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Customers will never tell you you’re too cheap

Making the transition to value-based pricing | Jon Manning in conversation with Anthony English

There are a lot of service professionals who are frustrated at pricing their services based on timesheets, but they’re not sure how to transition out of it into value-based pricing. What’s a safe way to get started?

So before I answer that question, let’s just define what we’re talking about here when we say “value-based pricing”. Just as “cost-plus pricing” is pricing on the basis of costs, value-based pricing is about pricing on the basis of value.

People listening to this interview (or reading the transcript) at this point are probably asking themselves “OK…I know what my costs are, but what’s my value? Surely that’s subjective and determined by my client?”.

That’s true. But the best way I’ve found to think about “value” is to consider three sources of economic value:

How do I increase my clients’ revenue?

How do I reduce my clients’ cost?

Or how do I minimise my clients’ risk?

Then express your price as a percentage of that economic value: I can save you $1mill in expenses and your investment in that savings is 2%

As you might have noticed there, a switch from cost-plus pricing to value-based pricing is one where we also switch focusing on our inputs (i.e. the hours we are working) to the customers’ outputs (i.e. the value provided).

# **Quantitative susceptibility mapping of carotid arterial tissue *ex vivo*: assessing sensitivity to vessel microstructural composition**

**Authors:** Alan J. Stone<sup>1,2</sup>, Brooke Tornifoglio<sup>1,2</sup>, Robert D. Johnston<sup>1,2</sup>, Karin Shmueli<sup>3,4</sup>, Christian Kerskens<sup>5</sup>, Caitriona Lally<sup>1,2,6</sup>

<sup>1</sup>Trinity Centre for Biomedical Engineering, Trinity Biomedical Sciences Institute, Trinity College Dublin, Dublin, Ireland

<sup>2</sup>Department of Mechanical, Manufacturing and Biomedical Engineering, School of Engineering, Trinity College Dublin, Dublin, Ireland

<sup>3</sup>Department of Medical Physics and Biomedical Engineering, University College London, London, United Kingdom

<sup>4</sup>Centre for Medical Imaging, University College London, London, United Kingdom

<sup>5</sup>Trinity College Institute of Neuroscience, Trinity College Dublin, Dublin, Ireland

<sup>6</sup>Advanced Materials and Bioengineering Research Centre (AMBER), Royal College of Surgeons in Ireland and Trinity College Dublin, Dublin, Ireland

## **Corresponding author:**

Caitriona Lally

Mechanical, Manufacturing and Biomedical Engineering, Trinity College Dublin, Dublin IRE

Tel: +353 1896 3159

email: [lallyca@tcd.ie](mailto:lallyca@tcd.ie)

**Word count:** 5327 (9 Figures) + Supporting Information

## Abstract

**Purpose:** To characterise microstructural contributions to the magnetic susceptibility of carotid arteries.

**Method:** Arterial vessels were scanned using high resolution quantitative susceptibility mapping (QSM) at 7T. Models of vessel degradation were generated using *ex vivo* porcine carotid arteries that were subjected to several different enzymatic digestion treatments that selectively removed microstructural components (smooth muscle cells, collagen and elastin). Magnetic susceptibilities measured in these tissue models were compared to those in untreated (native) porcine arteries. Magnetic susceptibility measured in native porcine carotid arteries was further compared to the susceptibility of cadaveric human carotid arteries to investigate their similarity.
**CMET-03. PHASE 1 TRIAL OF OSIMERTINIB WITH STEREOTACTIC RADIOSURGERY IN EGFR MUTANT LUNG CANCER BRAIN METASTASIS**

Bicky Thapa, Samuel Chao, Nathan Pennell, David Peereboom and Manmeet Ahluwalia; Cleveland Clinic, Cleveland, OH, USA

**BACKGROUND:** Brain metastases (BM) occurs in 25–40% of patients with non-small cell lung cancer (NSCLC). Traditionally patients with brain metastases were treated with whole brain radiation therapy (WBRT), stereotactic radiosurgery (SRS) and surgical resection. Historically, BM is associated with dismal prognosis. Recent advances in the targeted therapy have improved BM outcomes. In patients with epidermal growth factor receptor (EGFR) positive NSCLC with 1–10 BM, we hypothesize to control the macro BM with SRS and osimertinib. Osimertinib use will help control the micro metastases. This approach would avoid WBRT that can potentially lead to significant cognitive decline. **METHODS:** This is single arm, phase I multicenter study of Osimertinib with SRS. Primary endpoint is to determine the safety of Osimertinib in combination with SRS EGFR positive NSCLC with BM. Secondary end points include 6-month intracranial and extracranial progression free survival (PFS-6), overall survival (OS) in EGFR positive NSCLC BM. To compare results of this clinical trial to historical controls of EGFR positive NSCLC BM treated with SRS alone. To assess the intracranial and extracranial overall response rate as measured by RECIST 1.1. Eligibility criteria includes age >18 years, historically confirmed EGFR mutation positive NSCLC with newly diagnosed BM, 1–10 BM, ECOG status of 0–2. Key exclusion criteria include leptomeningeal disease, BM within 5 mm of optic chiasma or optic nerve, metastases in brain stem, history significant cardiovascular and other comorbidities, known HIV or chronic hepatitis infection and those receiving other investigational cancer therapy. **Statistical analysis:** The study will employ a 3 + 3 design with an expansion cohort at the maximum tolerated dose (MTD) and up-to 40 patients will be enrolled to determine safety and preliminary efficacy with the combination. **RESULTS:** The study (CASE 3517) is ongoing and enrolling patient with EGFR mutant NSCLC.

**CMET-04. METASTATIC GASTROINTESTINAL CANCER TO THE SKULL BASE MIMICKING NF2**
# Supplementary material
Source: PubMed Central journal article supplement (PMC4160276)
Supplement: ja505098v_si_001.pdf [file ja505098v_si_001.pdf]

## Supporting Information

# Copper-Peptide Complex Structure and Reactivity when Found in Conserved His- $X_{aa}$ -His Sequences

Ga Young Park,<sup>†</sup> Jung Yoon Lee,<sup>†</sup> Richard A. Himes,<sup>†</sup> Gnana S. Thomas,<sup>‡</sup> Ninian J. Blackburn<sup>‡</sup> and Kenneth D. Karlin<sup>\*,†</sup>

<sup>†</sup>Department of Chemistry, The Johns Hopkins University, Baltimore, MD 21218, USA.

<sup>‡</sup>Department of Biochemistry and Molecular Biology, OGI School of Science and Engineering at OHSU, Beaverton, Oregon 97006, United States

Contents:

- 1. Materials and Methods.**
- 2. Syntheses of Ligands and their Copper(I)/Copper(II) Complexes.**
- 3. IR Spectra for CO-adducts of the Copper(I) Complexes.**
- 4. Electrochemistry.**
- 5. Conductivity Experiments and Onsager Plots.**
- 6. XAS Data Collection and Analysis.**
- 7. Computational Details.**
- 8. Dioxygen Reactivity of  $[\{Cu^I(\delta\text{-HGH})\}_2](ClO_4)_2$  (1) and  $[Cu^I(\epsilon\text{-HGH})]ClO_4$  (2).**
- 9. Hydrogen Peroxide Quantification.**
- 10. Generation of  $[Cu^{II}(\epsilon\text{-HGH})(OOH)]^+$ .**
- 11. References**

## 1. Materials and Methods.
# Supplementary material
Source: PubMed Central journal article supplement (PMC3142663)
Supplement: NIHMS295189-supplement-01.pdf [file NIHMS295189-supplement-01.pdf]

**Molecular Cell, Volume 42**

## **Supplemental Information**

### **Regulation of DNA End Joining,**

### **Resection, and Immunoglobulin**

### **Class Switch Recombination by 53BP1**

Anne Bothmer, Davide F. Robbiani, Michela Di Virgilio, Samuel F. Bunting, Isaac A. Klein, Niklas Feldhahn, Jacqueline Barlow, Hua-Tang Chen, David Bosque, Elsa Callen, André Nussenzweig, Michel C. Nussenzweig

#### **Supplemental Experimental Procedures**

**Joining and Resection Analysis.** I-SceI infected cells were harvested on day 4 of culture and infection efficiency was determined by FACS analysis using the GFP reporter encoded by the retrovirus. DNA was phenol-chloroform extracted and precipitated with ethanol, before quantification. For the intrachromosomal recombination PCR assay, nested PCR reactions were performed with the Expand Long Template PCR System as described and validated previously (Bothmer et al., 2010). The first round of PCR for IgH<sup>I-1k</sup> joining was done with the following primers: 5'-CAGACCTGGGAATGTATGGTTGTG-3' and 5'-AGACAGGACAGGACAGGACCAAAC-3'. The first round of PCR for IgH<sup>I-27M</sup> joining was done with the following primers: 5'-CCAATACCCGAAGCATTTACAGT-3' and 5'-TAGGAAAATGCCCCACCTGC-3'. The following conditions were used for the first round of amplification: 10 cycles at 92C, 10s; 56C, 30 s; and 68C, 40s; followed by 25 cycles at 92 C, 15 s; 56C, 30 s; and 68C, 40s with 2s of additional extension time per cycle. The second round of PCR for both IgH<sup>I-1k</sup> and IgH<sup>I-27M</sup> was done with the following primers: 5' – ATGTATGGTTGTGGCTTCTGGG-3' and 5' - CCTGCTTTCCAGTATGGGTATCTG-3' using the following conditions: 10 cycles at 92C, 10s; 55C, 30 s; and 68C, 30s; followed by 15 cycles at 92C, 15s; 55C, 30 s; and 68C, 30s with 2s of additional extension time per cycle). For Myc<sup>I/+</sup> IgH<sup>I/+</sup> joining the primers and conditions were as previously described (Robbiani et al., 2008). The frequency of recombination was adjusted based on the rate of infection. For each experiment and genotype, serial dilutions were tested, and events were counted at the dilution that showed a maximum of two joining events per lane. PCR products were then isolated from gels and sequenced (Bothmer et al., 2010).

So now we can talk about transitioning to a value-based pricing model. Here’s a couple of suggestions…

Firstly, condition customers in advance. Let them know of the forthcoming change(s) rather than using immediate, shock-and-awe tactics;

Offer clients a choice of pricing models. There’s no rule in business that says you can only offer one pricing model. Let the customer decide which one they prefer – hourly billing or value-based pricing.

Run two pricing models side by side, and offer the customer the cheapest of the two. You might do this just for a limited period of time (say 6 months while you transit to value-based pricing, after which time time-based / cost-plus pricing is discontinued)

And roll it out slowly rather than via a big bang approach. Start with small customers first. If you get it wrong, there’s less at risk.

Why do you think so many people are embarrassed to talk about pricing?

You know, it’s probably fair to say there are “pricing introverts” and “pricing extroverts”. Corporate Australia provides the best illustration of this, but there will be SMEs, and freelancers for that matter, that can be likewise classified.

Bunnings, Aldi, Tiger Air and Dan Murphy are all businesses we could call “pricing extroverts”. Their value proposition is centered on lowest prices…always, often accompanied by price-match or price-beat guarantees in support of this.

A “pricing introvert” would be any company that is trying to sell on value, rather than price. There’s an old adage that sums this up perfectly: If you have to ask the price of a Rolls Royce, you can’t afford it.

But there’s probably a bit more to it than that, often found amongst business owners and freelancers….

The first is confidence and having enough of it to stand your ground on what you’re worth in the market